The workers digging in the Remutaka rail tunnel heard the loud roar about 11.30am on September 9, 1952.
They thought it was an earthquake. A horror situation to those working underground.
The team in the tunnel were creating a new rail link between Upper Hutt and Featherston for a shorter quicker route. At nearly 9km it was the longest tunnel in New Zealand until the opening of the Kaimai tunnel.
Work had started in 1948 with mostly single men living in huts at either end.
Among them was Athanassios Athanassiades, a 20-year-old Greek man.
Inside the tunnel, earth and rocks were falling and men were scrambling to get out of the way.
When the roaring died down, 27 men were trapped behind the rock fall.
A rescue party was quickly organised, to try to dig down to the men through the slip and by late afternoon a communication pipe was put through.
The trapped men sat on an electric locomotive with its dim light going and waited, two of the married men sharing out their lunch all around.
Twenty six of the men were fine. But one, Athanassiades, had been completely engulfed in earth and was seriously injured. The others tried hard to reach him but every time they tried, more earth fell.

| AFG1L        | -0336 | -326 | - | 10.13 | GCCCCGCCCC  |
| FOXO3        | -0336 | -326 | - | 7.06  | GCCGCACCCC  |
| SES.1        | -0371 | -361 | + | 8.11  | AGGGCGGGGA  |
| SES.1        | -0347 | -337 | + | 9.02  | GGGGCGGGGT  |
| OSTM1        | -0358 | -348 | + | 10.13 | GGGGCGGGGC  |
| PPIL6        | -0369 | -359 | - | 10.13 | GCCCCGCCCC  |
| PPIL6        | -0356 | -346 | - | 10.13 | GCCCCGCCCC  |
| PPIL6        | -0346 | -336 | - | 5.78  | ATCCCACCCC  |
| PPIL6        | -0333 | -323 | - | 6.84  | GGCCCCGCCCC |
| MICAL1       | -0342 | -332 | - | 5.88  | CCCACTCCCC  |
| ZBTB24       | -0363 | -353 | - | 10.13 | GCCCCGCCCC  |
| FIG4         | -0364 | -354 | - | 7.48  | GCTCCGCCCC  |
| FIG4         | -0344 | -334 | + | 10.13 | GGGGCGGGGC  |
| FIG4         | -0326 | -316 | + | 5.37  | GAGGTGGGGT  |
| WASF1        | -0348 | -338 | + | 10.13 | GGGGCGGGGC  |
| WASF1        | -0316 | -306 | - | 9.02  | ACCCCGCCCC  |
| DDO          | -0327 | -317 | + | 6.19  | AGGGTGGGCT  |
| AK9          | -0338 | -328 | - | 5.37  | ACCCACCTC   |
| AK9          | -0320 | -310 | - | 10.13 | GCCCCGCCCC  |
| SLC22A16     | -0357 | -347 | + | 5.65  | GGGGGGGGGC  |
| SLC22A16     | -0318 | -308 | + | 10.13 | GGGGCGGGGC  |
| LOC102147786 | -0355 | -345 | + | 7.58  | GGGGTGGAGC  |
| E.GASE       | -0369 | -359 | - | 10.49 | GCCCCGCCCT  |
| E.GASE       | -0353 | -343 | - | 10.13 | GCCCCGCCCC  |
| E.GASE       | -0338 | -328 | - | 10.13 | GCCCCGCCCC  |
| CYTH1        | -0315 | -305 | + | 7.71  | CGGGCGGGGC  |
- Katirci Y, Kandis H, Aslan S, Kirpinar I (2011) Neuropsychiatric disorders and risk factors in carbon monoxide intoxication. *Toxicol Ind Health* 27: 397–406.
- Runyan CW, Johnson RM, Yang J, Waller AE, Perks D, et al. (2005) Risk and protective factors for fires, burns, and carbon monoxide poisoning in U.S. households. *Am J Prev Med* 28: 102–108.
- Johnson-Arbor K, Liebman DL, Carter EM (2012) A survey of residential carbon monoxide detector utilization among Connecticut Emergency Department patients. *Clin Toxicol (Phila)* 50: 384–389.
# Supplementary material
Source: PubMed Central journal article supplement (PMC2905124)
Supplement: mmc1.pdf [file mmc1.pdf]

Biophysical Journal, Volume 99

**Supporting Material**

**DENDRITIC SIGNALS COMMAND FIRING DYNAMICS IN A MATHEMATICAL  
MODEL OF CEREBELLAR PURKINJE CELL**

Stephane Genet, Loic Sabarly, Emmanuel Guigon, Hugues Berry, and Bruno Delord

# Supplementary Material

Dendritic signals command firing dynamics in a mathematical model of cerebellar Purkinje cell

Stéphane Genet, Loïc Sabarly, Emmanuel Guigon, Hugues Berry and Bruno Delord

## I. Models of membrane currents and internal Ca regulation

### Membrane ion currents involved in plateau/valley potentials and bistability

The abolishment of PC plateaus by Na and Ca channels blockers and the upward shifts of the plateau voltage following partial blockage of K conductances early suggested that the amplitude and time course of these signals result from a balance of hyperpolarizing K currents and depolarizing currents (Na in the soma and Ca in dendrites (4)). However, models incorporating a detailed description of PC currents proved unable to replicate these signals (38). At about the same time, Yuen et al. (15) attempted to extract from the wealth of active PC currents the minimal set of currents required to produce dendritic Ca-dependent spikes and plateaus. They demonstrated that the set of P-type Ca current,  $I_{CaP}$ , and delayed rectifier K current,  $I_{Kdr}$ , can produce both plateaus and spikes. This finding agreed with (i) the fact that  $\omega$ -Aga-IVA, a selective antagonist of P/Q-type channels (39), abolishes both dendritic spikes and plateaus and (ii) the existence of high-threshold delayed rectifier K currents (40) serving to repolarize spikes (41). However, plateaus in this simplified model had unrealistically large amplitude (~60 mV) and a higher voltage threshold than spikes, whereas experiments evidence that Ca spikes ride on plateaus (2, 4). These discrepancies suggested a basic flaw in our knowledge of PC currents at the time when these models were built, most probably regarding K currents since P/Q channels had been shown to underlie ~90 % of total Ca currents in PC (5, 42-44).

It took nine hours for the rescuers to reach the men who were brought out one by one. The married men were met by their anxious wives who had been waiting for them for hours.
Then the rescuers began scraping away the rocks and earth to reach Athanassiades. They managed to get to him, finding he was lying beneath a truck. They had to dig a shaft down to him carefully to prevent further falls.
Doctor Denys Higenbotham went into the tunnel early the next day to talk to Athanassiades who had crushed ankles and was in shock.
The diggers managed to get a pipe to him, to give him soup and tea but he vomited, unable to keep it down. They told him they would be with him soon but he said he did not think they would make it.
The men worked furiously, in shifts of 10-15 minutes to dig as hard as they could before another took over.
When they finally reached him they found him in an almost impossible position, trapped almost on his head, with his legs held above his head.
They had to begin cutting him out of the wood and timbers that covered him. Then he was taken out using the electric locomotive. He had been trapped for 10 hours and 35 minutes.
Outside he was met by his younger brother Nicolaos who had only started work on the site that week. Athanassios Athanassiades was put in an ambulance and rushed to hospital but died later that night.
It was in 1954 that the two ends of the tunnel finally met and it was officially opened in 1955.
Athanassios Athanassiades is buried in Karori Cemetery.
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